There are really only two visible sports I can think of off the top of my head in which women compete regularly in the USA: tennis and golf.  But, they don't compete directly with the men.  There are good reasons for that, mostly physical in nature.  But chess doesn't require any physical acumen, so what gives?

Well, I'll tell you what I think.  Chess is an intensely uncomfortable game to play competitively.  The key theme is domination, and (uh-oh, here goes) I just don't think women are, in general, that domineering.  When I do see a female player, she is usually surrounded by a crowd of spectators (especially if she is attractive) gazing at the game like a horde of vultures.  In addition, I don't think that women are encouraged to play chess that much by men.  Sometimes I think we're afraid of losing to a lady chess player!  Some of you may be familiar with Vera Menchik, the first really excellent female master.  Among the male players at the time, there existed an informal "Vera Menchik Club".  The requirements for membership were simple: you had to have lost a tournament game to her. Doesn't say much for us men, does it?  Unfortunately, Vera died in a London air raid during WWII.  Today we have many top notch lady chess players, but still not enough.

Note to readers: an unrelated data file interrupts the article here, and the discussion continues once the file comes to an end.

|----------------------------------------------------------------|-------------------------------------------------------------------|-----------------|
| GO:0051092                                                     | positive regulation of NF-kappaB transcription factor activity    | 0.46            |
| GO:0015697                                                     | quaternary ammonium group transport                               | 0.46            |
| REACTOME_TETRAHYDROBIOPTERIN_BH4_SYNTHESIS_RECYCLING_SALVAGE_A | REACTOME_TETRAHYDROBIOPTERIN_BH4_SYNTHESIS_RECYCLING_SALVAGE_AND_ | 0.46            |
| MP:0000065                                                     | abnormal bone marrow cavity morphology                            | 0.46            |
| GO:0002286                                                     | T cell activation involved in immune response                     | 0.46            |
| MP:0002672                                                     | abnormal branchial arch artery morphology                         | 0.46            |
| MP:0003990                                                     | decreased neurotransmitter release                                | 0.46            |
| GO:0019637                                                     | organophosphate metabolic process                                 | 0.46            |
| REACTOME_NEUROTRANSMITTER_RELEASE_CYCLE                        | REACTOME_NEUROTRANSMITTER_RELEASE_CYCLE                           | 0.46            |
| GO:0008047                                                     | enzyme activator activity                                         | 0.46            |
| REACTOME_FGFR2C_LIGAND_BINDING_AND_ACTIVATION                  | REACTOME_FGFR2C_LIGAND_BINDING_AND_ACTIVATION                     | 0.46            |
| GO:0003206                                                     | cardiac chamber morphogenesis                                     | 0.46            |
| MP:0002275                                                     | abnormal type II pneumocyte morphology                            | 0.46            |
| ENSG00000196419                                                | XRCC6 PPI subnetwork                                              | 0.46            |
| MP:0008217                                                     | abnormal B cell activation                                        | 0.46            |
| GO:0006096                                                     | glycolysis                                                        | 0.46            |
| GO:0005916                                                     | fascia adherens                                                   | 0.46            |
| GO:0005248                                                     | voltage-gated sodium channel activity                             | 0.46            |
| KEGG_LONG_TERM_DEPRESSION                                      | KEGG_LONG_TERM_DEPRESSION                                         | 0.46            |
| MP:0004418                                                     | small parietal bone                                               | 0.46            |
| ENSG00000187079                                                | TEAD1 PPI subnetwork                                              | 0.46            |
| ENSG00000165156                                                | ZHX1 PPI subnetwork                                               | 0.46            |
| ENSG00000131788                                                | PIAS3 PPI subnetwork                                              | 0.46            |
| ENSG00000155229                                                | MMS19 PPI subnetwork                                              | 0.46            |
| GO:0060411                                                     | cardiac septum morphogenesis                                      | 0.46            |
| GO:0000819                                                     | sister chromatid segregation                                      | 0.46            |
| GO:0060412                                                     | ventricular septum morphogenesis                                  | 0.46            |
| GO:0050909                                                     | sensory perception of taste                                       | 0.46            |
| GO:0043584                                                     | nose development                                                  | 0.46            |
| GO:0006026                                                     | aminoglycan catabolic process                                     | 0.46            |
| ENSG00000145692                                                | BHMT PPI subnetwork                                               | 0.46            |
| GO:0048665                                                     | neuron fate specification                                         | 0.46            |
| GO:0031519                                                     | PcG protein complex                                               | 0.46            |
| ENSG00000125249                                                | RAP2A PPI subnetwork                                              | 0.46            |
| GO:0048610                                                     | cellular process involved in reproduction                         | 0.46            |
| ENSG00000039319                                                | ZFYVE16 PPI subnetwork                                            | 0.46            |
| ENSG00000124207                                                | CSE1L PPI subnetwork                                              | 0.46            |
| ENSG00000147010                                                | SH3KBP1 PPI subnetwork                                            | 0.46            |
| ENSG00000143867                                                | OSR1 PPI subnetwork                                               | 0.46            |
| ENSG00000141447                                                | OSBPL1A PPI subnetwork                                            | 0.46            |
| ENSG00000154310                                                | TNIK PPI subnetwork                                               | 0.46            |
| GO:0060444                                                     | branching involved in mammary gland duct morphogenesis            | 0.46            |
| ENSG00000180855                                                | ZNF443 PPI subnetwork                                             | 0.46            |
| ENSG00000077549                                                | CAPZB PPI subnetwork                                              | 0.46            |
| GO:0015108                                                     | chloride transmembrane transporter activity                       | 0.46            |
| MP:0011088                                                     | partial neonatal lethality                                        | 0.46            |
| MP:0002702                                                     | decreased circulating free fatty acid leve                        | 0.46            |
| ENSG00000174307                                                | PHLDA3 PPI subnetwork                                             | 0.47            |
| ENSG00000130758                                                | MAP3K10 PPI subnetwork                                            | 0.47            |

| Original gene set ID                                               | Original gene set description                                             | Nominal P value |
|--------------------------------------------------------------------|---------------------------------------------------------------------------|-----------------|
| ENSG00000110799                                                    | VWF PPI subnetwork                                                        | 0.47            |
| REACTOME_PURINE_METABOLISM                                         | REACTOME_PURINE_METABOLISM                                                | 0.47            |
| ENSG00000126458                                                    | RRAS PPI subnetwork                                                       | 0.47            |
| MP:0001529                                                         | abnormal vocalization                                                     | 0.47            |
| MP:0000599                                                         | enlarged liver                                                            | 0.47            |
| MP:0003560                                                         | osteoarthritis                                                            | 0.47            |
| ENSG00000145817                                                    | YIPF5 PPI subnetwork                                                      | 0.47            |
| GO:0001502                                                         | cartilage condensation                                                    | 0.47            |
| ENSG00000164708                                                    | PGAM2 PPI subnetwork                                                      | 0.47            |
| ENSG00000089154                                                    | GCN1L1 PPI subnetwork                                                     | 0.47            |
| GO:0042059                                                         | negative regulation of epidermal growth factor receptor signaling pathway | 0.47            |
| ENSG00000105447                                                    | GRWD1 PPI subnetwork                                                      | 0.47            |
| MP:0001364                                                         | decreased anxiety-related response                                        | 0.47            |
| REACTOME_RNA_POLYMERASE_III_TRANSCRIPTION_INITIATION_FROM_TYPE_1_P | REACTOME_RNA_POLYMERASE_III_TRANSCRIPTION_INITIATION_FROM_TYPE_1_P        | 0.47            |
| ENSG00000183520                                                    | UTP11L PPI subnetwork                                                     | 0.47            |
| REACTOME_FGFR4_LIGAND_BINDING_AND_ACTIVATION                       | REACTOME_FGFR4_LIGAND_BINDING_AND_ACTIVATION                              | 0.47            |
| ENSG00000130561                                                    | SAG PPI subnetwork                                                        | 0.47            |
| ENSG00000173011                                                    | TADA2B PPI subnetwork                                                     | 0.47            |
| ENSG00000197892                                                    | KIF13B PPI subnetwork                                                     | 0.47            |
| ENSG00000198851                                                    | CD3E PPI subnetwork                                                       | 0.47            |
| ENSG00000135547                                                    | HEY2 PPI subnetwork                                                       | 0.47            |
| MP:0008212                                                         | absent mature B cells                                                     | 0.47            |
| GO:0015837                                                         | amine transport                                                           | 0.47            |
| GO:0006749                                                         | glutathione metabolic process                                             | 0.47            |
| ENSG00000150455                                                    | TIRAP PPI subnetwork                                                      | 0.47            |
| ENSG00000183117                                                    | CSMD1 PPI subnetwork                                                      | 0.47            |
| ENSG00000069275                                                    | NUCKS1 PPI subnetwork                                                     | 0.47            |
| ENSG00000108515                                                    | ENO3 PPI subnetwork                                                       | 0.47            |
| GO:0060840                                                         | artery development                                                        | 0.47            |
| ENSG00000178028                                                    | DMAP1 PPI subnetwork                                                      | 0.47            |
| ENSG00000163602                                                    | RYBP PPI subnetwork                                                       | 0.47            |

I'll tell you the truth, though.  I’m almost afraid of giving another reason why I think more women don't play chess.  But, in the interest of completeness, I am obligated to mention it.  Did you ever take a good look at most guys when they play in tournaments?  We look like a rag-tag bunch of vagabonds most of the time.  Imagine yourself a lady.  Would you want to be around us?